Annual Manufacturing Trends Survey: Squeezed

Plagued by consolidation problems and slim profit margins, most food processors are still skimping on capital spending

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The bad news is the U.S. food industry shuttered more plants last year than any other sector of manufacturing, save metals and electronics. And the good? Well, whenever a manufacturer closes a plant door these days, it opens a window of opportunity for leaner, meaner and more profitable operations or so the backpedaling company would have investors believe.


The trouble is, it's also a leaner and meaner world out there. Global unease and a sluggish economy may have dampened the industry's enthusiasm for new capital outlays, but they've done little to dull the razor-thin margins by which food companies either thrive or perish.

"We're still seeing a shakeout [from consolidations]," says Mark Shambaugh, president of Shambaugh & Son, a Fort Wayne, Ind.-based specialist in food plant construction. Although his company has performed feasibility studies on a number of projects, none has materialized, and probably won't "until food companies begin to see better margins," Shambaugh says.

While the overall food industry undoubtedly is taking a breather, there are some companies that are expanding.

Despite the ease of transportation in this country, some plants still seem to sprout where their sources of raw material are located. Smithfield Foods is looking at a possible $100 million expansion of a plant in Monmouth, Ill., because that's where the hogs are. The huge buildup of dairy herds the past few years in New Mexico is providing the raw material for a $200 million cheese facility for Glanbia Foods in Clovis, N.M. On the small end, American Purpac Technologies this year opened a $10 million plant dedicated to aseptic copacking in Beloit, Wis. While the investors hope to bring in raw materials and manufacturing contracts from around the country, the launching contract was to pack beverages based on the abundant cranberry crop in the immediate area.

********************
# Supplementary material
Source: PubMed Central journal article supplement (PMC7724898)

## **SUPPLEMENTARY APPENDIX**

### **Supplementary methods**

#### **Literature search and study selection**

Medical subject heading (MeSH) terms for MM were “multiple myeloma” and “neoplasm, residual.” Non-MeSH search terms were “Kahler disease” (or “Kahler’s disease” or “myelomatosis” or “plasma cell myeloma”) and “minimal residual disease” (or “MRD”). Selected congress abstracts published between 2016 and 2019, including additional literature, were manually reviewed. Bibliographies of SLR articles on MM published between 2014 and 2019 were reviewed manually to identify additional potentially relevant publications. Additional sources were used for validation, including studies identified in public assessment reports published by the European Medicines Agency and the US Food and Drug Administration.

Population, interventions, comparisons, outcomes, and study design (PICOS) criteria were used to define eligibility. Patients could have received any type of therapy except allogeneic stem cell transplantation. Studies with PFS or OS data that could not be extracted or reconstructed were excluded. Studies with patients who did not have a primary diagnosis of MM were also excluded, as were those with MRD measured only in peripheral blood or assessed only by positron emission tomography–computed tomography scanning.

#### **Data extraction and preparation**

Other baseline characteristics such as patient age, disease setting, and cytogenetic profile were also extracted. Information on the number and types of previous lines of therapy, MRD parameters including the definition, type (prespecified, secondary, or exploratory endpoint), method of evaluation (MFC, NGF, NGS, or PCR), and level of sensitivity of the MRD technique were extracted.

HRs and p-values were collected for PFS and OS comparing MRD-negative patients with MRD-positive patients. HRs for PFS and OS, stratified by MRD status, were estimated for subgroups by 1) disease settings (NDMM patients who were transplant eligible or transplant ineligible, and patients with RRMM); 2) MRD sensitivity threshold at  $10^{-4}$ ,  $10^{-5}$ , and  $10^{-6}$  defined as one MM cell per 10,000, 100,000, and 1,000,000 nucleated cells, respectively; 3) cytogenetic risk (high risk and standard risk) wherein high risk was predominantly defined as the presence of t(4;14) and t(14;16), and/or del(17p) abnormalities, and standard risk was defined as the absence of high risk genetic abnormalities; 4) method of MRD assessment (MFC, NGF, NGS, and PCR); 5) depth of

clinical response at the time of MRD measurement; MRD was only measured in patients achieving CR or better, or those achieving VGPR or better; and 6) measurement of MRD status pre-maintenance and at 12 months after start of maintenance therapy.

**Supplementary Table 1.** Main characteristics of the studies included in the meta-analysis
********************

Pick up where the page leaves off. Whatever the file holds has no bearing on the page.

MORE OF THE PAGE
Ten largest U.S. food plant construction projects (in cost)






Roquette Inc.

Keokuk, Iowa


Corn starch

$400 million


Clovis, N.M.





Augusta, Ga.


Powdered milk


Nestle Waters

Hawkins, Texas


Bottled water


Premium Pork

St. Joseph, Mo.


Pork processing


Seneca Foods

Rochester, N.Y.


Food products


General Mills

Murfreesboro, Tenn.





Lake Geneva, Wis.


Soy sauce



Lufkin, Texas


Food processing


Yukiguni Maitake

Mamkating, N.Y.




Source: Conway Data Inc.

"There hasn't been a lot of new plant construction in the food industry," admits D. Scott Eckman, chief executive officer of American Purpac. "But we talked to potential clients before we built this plant, and we think there is a need for a facility like this for short runs and trials of new products."

Maybe it's not so important where the raw material comes from as where the finished products go. According to Norcross, Ga.-based, Conway Data, which collects data relating to food plant construction, current emphasis for a lot of manufacturers is on ensuring that distribution networks tie in with those of larger retailers, most notably Wal-Mart.

More new products, quicker

According to a study undertaken by Hanscomb, Faithful & Gould, an Atlanta-based construction management and project services firm, the increasing demands to quickly bring new products to market not only impact plant locations but, increasingly, plant design, particularly as it relates to assembly line changeovers. The study also found:

* Due to shrinking profit margins, manufacturers are placing more emphasis on energy-efficient mechanical and electrical systems. Since plants can't afford downtime, redundant energy systems also are becoming more pervasive.

* Automated storage and retrieval systems with bar-coding and scanning devices are becoming crucial for rapid product delivery.

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